Monday, June 21, 2010

Creeley’s Contexts

Tarp and Clouds

Never wholly moved by Creeley: the mastery of enjambments seem’d mere—and pointlessly minimal—technique, ontological querying the concern of a fussbudget. I look’d to excess, coo-coo rococo like the jimmy-French rooster who sings out a cocorico. That kind of thing. Reading, though, the pieces collect’d in the Donald Allen-edit’d Contexts of Poetry: Interviews 1961-1971 (Four Seasons Foundation, 1973) and the Ammiel Alcalay-edit’d Lost & Found booklet, The 1963 Vancouver Poetry Conference / Robert Creeley’s Contexts of Poetry With Daphne Marlatt’s Journal Entries, I find myself confront’d with some less crass redoubts, some urgings to reassess. (Gulp.) Though: Creeley’s talk / exchange (Ginsberg is a minimal interlocutor of sorts) at the Vancouver gathering (July 24, 1963), is a strange piece of work, a confessional of an attempt to accede to something beyond a neurotic need for command and control. Creeley’s “Contexts” is largely concern’d with the technologies of writing—the means of putting it down:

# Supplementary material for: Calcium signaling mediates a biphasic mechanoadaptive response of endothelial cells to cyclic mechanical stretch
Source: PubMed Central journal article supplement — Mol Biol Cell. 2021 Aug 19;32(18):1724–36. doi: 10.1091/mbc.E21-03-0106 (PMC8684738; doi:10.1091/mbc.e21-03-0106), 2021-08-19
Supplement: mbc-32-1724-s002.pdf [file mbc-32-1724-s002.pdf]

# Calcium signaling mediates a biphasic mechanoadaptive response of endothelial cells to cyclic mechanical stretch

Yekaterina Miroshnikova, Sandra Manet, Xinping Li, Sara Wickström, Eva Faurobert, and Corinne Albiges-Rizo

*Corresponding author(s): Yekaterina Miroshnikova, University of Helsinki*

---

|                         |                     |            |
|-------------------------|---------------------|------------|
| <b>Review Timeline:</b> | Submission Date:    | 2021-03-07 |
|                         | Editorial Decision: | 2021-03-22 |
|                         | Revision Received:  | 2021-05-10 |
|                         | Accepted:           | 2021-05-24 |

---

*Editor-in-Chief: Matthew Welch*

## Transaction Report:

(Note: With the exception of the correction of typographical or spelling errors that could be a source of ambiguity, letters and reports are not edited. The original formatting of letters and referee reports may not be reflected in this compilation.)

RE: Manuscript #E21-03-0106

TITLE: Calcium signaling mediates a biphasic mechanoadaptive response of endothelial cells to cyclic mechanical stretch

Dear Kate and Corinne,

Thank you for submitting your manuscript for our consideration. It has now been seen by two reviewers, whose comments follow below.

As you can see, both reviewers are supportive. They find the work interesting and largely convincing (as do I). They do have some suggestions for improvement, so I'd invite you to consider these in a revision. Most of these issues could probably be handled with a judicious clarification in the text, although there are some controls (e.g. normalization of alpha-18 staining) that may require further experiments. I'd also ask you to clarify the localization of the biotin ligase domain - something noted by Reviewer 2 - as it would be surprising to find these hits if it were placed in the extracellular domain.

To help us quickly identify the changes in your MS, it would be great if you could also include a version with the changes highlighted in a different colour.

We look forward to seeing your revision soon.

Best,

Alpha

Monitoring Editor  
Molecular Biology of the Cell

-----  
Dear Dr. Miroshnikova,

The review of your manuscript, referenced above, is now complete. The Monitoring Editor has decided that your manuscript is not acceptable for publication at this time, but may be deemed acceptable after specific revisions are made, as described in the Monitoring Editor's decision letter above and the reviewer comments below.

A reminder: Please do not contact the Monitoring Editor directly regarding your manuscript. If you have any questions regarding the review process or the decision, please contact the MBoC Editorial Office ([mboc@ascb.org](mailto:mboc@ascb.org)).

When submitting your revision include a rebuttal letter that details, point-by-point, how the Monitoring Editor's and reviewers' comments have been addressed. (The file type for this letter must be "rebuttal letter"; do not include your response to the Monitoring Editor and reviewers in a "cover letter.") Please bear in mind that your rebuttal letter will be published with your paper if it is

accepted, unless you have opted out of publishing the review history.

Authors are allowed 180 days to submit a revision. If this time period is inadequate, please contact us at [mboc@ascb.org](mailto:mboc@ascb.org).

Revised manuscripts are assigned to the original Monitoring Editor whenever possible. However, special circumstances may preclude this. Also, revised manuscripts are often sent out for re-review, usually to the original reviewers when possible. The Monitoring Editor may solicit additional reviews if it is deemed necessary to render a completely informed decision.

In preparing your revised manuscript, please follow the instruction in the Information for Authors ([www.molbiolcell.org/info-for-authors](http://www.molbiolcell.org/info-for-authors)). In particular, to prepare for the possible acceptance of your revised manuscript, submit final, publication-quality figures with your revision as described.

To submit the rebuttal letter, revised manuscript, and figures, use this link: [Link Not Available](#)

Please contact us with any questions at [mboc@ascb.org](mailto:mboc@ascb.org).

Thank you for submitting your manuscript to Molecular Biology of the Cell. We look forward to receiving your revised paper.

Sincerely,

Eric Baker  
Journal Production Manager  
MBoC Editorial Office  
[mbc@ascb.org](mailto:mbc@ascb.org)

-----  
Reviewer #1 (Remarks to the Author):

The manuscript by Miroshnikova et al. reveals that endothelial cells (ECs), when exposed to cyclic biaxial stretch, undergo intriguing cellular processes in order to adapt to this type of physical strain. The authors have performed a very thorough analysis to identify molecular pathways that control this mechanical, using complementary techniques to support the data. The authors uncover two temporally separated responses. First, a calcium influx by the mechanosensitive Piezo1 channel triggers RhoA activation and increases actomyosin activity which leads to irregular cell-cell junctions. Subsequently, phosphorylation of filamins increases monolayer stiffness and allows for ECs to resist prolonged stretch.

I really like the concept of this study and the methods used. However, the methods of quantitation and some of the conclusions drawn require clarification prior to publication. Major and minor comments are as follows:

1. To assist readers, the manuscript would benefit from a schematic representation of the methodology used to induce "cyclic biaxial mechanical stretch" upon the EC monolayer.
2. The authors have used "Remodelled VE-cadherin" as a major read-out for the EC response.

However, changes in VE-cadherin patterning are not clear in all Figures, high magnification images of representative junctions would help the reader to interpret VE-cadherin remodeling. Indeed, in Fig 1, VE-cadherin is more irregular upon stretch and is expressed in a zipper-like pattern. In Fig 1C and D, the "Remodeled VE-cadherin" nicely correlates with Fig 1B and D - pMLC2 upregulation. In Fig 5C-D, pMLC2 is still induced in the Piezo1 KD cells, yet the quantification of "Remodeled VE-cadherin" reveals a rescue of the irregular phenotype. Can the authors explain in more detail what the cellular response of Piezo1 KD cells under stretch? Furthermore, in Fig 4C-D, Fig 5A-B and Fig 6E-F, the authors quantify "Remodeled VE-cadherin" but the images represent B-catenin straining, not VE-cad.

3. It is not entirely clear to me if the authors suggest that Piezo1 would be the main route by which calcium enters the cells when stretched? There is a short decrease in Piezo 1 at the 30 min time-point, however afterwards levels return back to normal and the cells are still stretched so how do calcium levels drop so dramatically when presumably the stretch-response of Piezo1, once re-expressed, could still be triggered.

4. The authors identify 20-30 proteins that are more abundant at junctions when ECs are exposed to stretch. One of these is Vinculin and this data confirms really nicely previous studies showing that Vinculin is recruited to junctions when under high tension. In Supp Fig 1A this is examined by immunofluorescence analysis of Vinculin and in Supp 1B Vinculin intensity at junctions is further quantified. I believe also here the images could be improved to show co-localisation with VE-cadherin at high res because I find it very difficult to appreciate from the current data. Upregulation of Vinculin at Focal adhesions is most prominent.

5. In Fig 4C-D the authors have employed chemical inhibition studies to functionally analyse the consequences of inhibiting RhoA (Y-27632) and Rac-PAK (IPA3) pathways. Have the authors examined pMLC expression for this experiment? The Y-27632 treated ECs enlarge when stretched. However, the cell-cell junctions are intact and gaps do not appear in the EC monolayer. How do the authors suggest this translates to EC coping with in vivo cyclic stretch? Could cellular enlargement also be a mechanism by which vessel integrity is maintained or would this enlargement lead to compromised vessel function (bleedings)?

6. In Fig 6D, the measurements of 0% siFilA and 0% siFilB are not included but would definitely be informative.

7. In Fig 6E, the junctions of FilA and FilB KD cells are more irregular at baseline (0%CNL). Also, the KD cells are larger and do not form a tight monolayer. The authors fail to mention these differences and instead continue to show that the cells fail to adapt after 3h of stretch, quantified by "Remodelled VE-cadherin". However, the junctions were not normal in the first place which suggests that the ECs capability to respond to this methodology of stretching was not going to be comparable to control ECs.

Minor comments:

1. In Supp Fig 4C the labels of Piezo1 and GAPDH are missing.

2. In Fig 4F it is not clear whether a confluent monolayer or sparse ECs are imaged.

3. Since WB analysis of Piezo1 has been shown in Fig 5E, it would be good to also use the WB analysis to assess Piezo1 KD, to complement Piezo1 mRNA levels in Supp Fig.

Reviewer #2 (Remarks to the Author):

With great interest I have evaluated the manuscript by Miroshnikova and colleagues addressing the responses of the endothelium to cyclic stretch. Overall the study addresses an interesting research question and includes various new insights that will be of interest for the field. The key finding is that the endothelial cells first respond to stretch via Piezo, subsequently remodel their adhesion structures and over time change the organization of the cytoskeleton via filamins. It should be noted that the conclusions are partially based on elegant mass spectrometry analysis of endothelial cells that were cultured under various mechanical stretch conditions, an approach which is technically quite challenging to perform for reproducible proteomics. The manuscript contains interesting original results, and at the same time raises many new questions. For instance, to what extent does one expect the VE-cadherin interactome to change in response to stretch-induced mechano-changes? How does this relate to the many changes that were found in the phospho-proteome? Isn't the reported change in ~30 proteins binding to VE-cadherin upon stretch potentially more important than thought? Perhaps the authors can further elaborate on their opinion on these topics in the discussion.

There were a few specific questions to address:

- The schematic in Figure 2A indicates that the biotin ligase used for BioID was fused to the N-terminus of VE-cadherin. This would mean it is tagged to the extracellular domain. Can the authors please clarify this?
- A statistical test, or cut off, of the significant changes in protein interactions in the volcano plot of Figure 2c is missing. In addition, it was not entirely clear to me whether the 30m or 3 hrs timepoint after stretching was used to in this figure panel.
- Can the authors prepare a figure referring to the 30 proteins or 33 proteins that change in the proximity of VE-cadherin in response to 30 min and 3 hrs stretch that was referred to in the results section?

I write always with a typewriter. I get very nervous about using a pen, because pens run out of ink in a way . . . ball points are what I would use, as and when I do write that way . . . pencils have to be sharpened, I get so involved with the sharpening of the pencil. Also, I think it goes back to a sense I had when younger, that typewriters, typewriting, implied a “professional” context. If you were going to be serious, or going to claim seriousness for yourself, the instrument that you used in writing had to be particular to what the act of writing was. So that I had, I think, a basically naïve sense of this kind. I wanted to be able to do it with a typewriter. Now, equally, I never learned to type. So I mean my typing is a habit that’s developed, with two fingers. I never took a class in high school or any other place that taught me how to use the full, you know, all your fingers when you’re typing. Think again—that begins to be a qualification of how fast I can write. In other words, I find that the pace of my writing is concerned with the speed with which I can type. Now, I can type actually about as fast as I can talk, with two fingers. I find, for example, if I have to work on somebody else’s typewriter, I’m displaced, because there may be a slight variation in the space between keys. I find that now I can use the typewriter I do use without looking at it, so that I can be thinking of something without consciously wondering where my fingers are. I find . . . let’s see, I want to keep on a little bit in this sense of what the physical conditions are . . . because again, I started writing in a context where I was embarrassed. I didn’t want to bother anybody. I didn’t want, you know, like, don’t mind me, but just go right ahead with what you’re doing, with your serious business, with your serious preoccupation. I was primarily in a former marriage, and the problems thereof . . . I didn’t want to call attention to myself, because doing that might force me to define what I was trying to do—which is obviously impossible. So, the next thing I would do would be to create a context in which there was a residuum of noise, constantly present. So that my own noise wouldn’t be intrusive. . . .